Although genetic testing can benefit society in numerous ways, such as the diagnosis of vulnerabilities to inherited diseases and ancestry verification, it also has the precarious capability to become a tool in selecting a more favorable genetic makeup of an individuals and ultimately cloning humans. Genetic testing will depreciate our quality of life and may result in discrimination, invasion of privacy, and harmful gene therapy. In 1993 a pamphlet by National Heart, Lung, and Blood Institute was released heralding Gene Therapy. Although gene testing had been around and used for various procedures and breakthroughs, gene therapy had the potential to change the face of research, as we knew it. Medical scientists had finally found a way to manipulate human genes and possibly change faulty genes in an attempt to replace them in order to treat and cure diseases. Thus the first patients were treated at the National Institutes of Health (NIH) in Bethesda, Maryland.

Two years after receiving their last infusions of generally altered cells to boost their weakened immune systems; the first patients ever to undergo gene therapy are still healthy and benefiting from the treatment. According to a historic research paper published in Science on October 19, 1995, the two girls still have white blood cells bearing copies of the replacement ADA gene. Patient One, whose health improved significantly following gene therapy, has maintained a normal white blood cell count as well as measurable levels of the ADA enzyme, which was almost nonexistent prior to the treatment. The process was less efficient in Patient Two. Only about one percent of her T cells incorporated the virus into their DNA. In another case, an 18-year-old Arizona man with a rare metabolic disease participated in a controversial experiment which marked the first death attributed to gene therapy.

Jesse Gelsinger, a high school graduate who episodically suffered from a serious genetic disorder that often leads to coma and death in childhood, died Sept. 17, 1999 after undergoing an experimental therapy administered at the University of Pennsylvania in Philadelphia. Thousands of U. S.

patients have been treated with various kinds of gene therapy, an experimental technique in which doctors use live viruses and other means to transport potentially therapeutic genes into the body just as Gelsinger was. Gelsinger suffered from Ornithine Transcarbamylase (OTC) deficiency, a genetic disorder that affects mostly boys. The disease blocks the body's ability to break down ammonia, a normal byproduct of metabolism, and often causes death soon after birth. As a result the FDA initiated proceeding that could have prevented the University of Pennsylvania gene therapy researcher, James Wilson, from testing experimental drugs or products on human subjects in this country. He repeatedly or deliberately violated regulations governing the proper conduct of clinical studies.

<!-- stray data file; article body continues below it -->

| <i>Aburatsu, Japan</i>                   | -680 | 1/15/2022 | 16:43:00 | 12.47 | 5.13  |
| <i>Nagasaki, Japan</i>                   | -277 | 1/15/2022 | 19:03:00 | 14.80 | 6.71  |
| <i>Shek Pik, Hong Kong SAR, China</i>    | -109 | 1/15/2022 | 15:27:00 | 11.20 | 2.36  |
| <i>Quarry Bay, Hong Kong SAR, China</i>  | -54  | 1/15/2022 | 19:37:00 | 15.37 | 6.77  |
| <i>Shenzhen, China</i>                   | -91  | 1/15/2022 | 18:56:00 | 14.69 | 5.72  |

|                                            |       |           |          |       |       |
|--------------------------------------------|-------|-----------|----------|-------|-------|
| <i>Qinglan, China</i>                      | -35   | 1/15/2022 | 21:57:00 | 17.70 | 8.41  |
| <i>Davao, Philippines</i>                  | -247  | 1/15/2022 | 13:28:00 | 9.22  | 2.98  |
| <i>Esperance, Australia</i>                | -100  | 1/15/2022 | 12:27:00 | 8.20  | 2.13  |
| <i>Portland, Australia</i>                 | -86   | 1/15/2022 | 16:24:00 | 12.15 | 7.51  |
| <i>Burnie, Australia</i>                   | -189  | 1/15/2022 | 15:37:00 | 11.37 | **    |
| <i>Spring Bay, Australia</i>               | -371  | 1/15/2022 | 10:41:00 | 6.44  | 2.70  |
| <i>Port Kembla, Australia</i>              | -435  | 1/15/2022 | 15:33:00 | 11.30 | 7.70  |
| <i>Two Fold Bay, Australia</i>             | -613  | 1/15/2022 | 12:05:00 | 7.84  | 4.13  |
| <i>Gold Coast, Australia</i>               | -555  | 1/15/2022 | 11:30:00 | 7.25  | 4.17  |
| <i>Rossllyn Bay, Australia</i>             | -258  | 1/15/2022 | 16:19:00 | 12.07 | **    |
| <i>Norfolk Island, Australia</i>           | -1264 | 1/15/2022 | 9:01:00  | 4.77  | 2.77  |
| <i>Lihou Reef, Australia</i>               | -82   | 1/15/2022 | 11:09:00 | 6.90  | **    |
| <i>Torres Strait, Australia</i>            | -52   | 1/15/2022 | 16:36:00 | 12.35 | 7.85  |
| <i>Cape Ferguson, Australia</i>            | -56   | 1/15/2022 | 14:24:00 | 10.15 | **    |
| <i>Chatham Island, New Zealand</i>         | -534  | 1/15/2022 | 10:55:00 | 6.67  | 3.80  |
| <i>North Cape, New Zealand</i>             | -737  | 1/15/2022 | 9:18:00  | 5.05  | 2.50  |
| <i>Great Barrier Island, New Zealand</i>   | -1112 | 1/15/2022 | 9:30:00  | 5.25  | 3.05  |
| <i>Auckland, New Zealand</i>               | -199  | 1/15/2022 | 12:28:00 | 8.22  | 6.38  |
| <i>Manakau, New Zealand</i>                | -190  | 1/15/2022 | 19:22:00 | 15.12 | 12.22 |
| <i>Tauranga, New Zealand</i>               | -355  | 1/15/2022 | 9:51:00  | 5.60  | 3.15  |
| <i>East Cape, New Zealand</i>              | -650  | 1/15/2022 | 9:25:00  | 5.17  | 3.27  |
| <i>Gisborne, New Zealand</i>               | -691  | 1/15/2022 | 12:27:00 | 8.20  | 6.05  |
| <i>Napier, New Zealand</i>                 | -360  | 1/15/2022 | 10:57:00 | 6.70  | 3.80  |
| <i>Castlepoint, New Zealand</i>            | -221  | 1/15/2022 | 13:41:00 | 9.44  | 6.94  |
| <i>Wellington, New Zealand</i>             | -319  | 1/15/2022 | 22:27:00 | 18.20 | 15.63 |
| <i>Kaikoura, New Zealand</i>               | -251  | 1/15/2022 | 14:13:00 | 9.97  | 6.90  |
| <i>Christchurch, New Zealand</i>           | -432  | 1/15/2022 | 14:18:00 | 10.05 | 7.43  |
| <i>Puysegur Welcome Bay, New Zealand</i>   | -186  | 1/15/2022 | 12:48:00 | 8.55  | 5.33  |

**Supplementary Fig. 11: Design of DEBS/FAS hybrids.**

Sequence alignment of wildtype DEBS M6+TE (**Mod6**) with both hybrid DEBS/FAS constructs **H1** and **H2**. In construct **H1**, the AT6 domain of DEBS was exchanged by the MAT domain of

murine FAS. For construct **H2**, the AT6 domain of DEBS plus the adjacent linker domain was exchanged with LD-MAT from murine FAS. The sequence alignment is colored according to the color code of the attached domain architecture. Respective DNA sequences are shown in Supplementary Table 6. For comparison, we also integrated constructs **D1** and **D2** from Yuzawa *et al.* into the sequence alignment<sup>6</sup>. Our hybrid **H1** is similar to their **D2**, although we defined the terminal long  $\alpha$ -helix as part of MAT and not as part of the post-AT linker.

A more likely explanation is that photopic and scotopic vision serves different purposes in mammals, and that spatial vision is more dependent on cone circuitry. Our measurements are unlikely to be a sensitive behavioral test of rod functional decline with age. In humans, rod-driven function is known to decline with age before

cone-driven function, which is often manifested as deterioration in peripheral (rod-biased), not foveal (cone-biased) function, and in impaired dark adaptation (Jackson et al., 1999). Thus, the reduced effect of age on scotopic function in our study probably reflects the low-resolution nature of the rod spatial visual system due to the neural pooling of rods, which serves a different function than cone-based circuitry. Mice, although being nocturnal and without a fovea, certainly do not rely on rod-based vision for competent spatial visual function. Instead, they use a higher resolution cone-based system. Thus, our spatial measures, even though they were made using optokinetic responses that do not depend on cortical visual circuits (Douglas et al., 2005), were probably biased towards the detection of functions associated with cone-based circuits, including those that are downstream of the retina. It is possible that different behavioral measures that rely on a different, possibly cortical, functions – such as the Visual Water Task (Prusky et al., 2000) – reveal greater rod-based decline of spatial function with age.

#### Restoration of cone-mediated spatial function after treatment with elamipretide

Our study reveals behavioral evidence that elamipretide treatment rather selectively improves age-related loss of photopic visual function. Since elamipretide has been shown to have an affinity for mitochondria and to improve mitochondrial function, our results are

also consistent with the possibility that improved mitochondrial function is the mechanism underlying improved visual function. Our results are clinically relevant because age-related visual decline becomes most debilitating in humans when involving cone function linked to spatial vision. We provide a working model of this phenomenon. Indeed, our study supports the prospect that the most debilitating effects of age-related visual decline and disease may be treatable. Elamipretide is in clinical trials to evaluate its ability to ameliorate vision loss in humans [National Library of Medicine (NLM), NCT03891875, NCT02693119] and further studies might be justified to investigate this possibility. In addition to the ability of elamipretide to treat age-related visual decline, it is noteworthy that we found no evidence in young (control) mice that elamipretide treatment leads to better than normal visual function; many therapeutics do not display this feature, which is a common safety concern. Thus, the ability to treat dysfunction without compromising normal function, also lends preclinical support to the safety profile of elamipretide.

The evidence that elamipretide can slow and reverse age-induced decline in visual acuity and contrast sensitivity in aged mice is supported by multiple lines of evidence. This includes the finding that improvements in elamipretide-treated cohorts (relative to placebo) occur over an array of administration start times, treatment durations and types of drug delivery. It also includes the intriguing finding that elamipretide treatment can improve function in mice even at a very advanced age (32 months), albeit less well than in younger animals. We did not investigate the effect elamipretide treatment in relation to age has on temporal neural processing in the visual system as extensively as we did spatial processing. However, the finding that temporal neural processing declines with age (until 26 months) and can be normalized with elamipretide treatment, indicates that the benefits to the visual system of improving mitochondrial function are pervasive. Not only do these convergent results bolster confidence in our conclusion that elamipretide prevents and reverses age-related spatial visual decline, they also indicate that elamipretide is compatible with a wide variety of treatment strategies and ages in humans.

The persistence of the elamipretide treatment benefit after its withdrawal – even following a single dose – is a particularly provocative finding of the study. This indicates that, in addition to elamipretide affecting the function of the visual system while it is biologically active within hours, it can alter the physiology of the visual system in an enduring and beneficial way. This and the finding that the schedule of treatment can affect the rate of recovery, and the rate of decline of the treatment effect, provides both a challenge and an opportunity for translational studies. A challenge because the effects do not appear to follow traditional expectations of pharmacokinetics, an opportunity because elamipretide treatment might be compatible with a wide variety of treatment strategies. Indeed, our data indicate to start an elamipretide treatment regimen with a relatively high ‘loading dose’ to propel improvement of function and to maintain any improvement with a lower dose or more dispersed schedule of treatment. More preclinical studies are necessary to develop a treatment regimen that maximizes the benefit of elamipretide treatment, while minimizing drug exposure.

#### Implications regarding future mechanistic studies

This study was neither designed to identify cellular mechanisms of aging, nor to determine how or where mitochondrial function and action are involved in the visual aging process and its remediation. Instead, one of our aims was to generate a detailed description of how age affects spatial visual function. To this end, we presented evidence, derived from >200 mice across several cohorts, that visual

How many people can say that they would want someone they trusted to perform a procedure that ultimately takes the research into his or her own hands and may result in death? It stirs up not only ethical issues but issues such as prejudice and discrimination. Hypothetically say there are some doctors who will decide to take a risk with your gene therapy and either add or remove something experimental. What would be the purpose of the FDA placing the guidelines that they have for gene therapy there in the first place? Research doctors are the professionals expected to do everything according to set standards and guidelines when interacting with live human patients. Although the hope for gene therapy is to eradicate inherited diseases, the potential for gross misuse is great. Procedures may progress to the unethical practice of choosing the eye color and physical characteristics of a child eventually leading to discrimination and prejudice. I believe that there is a reason for the different diseases and ailments in the world today.

If there were never anything wrong with humans other than the occasional cold, I believe man would invent something which could develop into something as deadly as AIDS-which was developed in a lab. If faced with the choice of genetic testing for a disease I would not do it. I would try every other method before trying it. I don't want to say what my way is the only way or the right way but if I'm given the wrong test, or a researcher decides to do his own thing and not follow procedure, or maybe I'm injected with the wrong thing and I end up with something like cancer then I have to live with that, or die if that is a result. Genetic testing will depreciate our quality of life and may result in discrimination, invasion of privacy, and harmful gene therapy. It can benefit society in numerous ways, such as the diagnosis of vulnerabilities to inherited diseases and ancestry verification.

Genetic Testing also has the precarious capability to become a tool in selecting a more favorable genetic makeup of an individuals and ultimately cloning humans.